Analysis

This is a reworking of my original Back Off routine, which appeared in my 1979 lecture notes and later in Darwin Ortiz at the Card Table.

At first glance, it might appear that little has changed. The original structure and most of the handling remain the same. This new version, however, is more practical both because it is self-contained and because it's completely in-the-hands, no longer requiring any kind of working surface. This makes it ideal for table-hopping situations where the tables are typically littered with dinnerware.

Most importantly, in terms of audience impact, this version offers three big improvements over my original: 1) greater conviction; 2) audience participation; 3) a far stronger climax. The fact that the initial show of the cards is more convincing, that the spectators get to handle each card before it's changed, and that the last card changes while held by a spectator combine to produce an audience impact several times stronger than I used to get with the original handling.

In the January 1994 issue of MAGIC, Richard Kaufman described Larry Jennings' ungaffed version of my original Back Off routine (Bacfe Off Sans Gaff, pp.52-5). In it, he wrote, "The price you pay [lor eliminating the double-backed card] is the use of a six-card packet as four, instead of five as four," I would say, rather, that the price you pay is not having a double-backer. In other words, the double-backed card is not a drawback of this routine. It's the routine's greatest strength.

You don't have to be a card man, or a genius, to see through rhe ruse of holding two cards face to face as one. If you think that this ploy, combined perhaps with a Flushtration count, is going to convince people that you have a handful of misprinted cards, I think you're being naive. They may buy the notion provisionally. But, as soon as you start printing faces, they're going to realize that the cards had faces all along.

In The New Back Off, the diminishing lift sequence is so convincing in large part because you show the same real double-backed card repeatedly. The presence of this one double-backer also allows you to put each card in the audience's hands just before transforming it. This is particularly important since, no matter how convincing the initial display, once you start printing faces, people will question their initial belief. It's the act of handing out each subsequent double-backer (actually the same double-backer) that keeps conviction high to the end.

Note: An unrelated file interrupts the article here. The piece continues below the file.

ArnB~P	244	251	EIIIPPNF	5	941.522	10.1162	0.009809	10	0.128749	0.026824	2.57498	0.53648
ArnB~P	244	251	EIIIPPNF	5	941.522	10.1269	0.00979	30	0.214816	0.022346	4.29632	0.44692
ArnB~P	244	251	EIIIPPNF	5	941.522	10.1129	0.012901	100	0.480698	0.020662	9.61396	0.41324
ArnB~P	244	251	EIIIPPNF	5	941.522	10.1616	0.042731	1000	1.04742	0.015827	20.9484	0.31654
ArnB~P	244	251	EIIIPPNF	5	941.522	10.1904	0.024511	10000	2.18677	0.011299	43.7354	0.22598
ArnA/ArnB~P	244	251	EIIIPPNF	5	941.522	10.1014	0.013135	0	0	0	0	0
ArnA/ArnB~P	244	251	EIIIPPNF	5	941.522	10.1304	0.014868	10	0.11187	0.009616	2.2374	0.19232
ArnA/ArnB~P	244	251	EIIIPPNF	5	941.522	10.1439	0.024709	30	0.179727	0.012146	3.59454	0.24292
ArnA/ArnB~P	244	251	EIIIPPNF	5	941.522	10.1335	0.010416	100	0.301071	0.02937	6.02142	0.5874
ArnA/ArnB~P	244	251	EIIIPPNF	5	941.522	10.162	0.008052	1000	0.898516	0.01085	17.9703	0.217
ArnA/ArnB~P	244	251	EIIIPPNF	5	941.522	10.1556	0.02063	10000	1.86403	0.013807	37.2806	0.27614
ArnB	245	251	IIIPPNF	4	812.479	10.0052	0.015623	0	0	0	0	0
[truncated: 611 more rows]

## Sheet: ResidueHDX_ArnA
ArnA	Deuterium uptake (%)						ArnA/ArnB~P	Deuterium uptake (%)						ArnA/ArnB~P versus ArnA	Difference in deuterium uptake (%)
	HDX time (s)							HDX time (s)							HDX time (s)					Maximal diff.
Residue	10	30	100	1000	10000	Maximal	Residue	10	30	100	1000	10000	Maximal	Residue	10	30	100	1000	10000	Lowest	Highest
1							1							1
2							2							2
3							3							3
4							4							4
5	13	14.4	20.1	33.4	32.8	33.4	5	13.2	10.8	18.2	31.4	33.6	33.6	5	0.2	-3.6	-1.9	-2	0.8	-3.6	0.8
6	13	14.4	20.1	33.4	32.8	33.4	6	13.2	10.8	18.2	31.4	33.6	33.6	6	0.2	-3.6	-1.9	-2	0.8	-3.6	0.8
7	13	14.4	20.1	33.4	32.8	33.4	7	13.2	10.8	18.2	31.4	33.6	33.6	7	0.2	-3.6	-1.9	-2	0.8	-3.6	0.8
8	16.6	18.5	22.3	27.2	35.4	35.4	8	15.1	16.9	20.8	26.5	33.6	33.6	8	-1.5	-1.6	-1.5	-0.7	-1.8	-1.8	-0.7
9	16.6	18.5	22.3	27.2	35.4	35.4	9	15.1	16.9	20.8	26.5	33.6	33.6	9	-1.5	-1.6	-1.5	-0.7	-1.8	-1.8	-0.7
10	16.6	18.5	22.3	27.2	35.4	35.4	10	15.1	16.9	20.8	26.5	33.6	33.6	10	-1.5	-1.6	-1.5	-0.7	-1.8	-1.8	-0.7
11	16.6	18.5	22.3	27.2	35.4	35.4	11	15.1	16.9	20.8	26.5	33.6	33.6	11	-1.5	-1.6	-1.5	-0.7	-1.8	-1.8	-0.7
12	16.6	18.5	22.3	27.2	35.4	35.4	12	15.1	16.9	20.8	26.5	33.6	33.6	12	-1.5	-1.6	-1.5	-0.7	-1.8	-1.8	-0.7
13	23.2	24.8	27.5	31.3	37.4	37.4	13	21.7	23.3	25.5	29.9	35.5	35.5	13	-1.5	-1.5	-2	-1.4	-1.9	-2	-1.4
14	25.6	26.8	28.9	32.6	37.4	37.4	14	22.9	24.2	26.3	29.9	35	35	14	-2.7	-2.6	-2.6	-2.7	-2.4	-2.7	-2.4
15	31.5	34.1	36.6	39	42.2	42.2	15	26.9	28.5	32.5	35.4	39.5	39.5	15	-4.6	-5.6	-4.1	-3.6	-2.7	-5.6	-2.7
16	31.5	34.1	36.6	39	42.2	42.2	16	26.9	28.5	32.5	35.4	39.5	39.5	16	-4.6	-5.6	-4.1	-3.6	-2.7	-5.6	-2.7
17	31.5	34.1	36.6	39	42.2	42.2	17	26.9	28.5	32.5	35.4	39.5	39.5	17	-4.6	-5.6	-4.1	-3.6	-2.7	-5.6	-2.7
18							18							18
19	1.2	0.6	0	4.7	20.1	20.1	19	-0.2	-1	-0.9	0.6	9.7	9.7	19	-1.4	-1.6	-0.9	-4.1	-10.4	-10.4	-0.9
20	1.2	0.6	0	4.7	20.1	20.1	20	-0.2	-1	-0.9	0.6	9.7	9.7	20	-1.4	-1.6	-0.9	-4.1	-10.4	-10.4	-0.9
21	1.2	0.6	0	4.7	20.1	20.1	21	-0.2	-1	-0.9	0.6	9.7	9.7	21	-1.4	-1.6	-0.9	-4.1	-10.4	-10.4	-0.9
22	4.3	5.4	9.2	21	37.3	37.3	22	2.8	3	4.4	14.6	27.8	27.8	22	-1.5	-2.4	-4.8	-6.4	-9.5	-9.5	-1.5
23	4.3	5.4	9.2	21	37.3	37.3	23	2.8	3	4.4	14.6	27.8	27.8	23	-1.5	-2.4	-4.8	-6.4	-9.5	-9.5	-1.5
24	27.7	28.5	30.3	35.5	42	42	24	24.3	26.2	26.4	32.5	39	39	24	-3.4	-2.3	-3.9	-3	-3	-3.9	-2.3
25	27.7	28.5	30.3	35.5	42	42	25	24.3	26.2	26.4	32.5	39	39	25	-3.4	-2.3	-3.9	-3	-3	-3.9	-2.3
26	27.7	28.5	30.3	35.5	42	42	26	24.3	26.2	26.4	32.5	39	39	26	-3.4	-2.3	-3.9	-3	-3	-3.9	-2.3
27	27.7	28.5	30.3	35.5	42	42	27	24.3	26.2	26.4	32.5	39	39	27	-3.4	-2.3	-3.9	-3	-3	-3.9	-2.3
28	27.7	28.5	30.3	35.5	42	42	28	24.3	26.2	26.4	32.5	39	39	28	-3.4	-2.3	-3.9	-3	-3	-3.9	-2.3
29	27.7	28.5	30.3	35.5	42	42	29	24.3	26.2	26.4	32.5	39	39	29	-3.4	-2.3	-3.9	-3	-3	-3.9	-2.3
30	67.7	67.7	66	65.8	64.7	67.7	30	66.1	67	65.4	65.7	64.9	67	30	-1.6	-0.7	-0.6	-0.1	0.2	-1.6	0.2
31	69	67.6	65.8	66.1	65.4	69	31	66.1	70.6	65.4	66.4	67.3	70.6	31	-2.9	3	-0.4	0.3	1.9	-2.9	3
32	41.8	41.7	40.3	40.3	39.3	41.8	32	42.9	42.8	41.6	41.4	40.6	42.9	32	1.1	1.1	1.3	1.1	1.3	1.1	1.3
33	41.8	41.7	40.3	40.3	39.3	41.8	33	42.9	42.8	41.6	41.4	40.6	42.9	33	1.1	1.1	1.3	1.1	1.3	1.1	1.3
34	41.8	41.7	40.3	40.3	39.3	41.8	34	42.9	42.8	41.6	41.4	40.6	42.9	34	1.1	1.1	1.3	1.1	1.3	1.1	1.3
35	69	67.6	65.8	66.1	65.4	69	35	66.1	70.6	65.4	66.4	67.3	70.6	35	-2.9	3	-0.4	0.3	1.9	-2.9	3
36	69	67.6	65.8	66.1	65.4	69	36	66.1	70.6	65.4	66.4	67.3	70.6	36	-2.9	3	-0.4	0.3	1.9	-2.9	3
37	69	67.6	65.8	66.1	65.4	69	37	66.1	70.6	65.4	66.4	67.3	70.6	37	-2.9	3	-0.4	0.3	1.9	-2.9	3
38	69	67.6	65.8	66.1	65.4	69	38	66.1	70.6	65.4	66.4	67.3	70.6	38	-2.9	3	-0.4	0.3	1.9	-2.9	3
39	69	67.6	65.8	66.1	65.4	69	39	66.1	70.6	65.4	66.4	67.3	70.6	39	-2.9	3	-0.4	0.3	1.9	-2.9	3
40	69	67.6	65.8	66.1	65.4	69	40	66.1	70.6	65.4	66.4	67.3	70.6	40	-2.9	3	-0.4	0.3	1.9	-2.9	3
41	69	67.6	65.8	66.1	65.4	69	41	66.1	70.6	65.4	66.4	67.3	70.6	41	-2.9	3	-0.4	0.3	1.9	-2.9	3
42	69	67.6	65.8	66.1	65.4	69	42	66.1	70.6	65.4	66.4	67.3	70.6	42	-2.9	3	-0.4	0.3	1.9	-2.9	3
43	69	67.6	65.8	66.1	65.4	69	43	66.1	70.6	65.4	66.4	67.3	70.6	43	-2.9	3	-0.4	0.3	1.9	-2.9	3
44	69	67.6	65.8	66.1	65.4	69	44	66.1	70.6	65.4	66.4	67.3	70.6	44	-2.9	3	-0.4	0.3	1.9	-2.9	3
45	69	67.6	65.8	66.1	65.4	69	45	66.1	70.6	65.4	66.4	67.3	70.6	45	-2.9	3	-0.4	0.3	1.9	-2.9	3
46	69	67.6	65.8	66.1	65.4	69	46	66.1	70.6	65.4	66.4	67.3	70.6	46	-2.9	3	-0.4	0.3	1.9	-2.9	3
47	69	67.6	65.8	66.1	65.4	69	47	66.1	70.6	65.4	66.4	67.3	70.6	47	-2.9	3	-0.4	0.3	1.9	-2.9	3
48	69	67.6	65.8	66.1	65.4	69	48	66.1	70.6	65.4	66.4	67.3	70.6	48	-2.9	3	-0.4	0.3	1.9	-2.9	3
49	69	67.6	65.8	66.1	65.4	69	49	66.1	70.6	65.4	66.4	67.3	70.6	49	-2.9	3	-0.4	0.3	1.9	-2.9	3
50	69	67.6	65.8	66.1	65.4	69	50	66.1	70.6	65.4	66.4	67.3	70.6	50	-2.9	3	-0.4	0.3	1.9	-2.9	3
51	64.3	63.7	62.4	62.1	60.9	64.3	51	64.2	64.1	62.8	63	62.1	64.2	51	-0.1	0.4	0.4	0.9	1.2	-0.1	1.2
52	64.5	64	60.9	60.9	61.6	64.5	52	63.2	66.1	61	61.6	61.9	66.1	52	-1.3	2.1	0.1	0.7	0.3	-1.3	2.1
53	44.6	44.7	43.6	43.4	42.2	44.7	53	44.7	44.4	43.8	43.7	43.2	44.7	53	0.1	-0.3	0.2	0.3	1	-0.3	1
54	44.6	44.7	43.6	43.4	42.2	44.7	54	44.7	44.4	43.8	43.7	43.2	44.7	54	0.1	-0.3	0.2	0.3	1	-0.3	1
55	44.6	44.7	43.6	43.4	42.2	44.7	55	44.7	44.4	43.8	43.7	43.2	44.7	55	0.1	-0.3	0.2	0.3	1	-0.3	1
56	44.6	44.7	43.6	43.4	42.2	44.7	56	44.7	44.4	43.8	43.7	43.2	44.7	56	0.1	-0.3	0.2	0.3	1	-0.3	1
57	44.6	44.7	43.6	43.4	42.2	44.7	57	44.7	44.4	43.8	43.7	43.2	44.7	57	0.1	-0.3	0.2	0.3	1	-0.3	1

You get a tremendous amount of mileage out of that one gaff. Eliminating it would produce an effect that's more convenient to periorm but one that's hardly worth performing.

& An issue closely related to the above is the decision to hand the cards out for examination. Whether props should be handed out is something magicians debate constantly. They usually approach the question from the wrong end. The starting point should not be the prop but rather the audience. What does it take for the audience to experience magic in a particular effect? What must they believe?

Sometimes one of the things they must believe is that a certain prop is ungimmicked. Thfi Coin in Bottk is a good example. This effect would be a waste of time if the audience wasn't convinced that both the coin and the bottle were ordinary. The next question is whether the audience will believe it without proof. In some cases, the very nature of the effect brings suspicion on the props. Again Thi Coin in Bottk is an example; so are most Printing and Wild Card type effects.

If the audience needs to believe that something is ungimmicked in order for the trick to be a miracle, and the nature of the effect will make them doubt that it is, you had better find a way to convince them. Sometimes, the best way is to borrow the item. Other times, the best way is to hand out the item for examination.

In The Neu> Bach Off, handing out the props adds immensely to the trick's impact. The proof of this is how carefully they examine each card you hand out. At a banquet table, they will often pass the card from one person to another before returning it. When walking through the banquet hall at the end of the evening. 1 11 often see several tables where spectators are carefully scrutinizing the cards I gave away. (This is often as much as an hour or more after I've performed the effect.)

The first time you periorm this and see how carefully people check out the double-backed card during the effect and the regular cards after the effect, you'll realize the importance of handing out the cards during the performance and giving them away afterwards.

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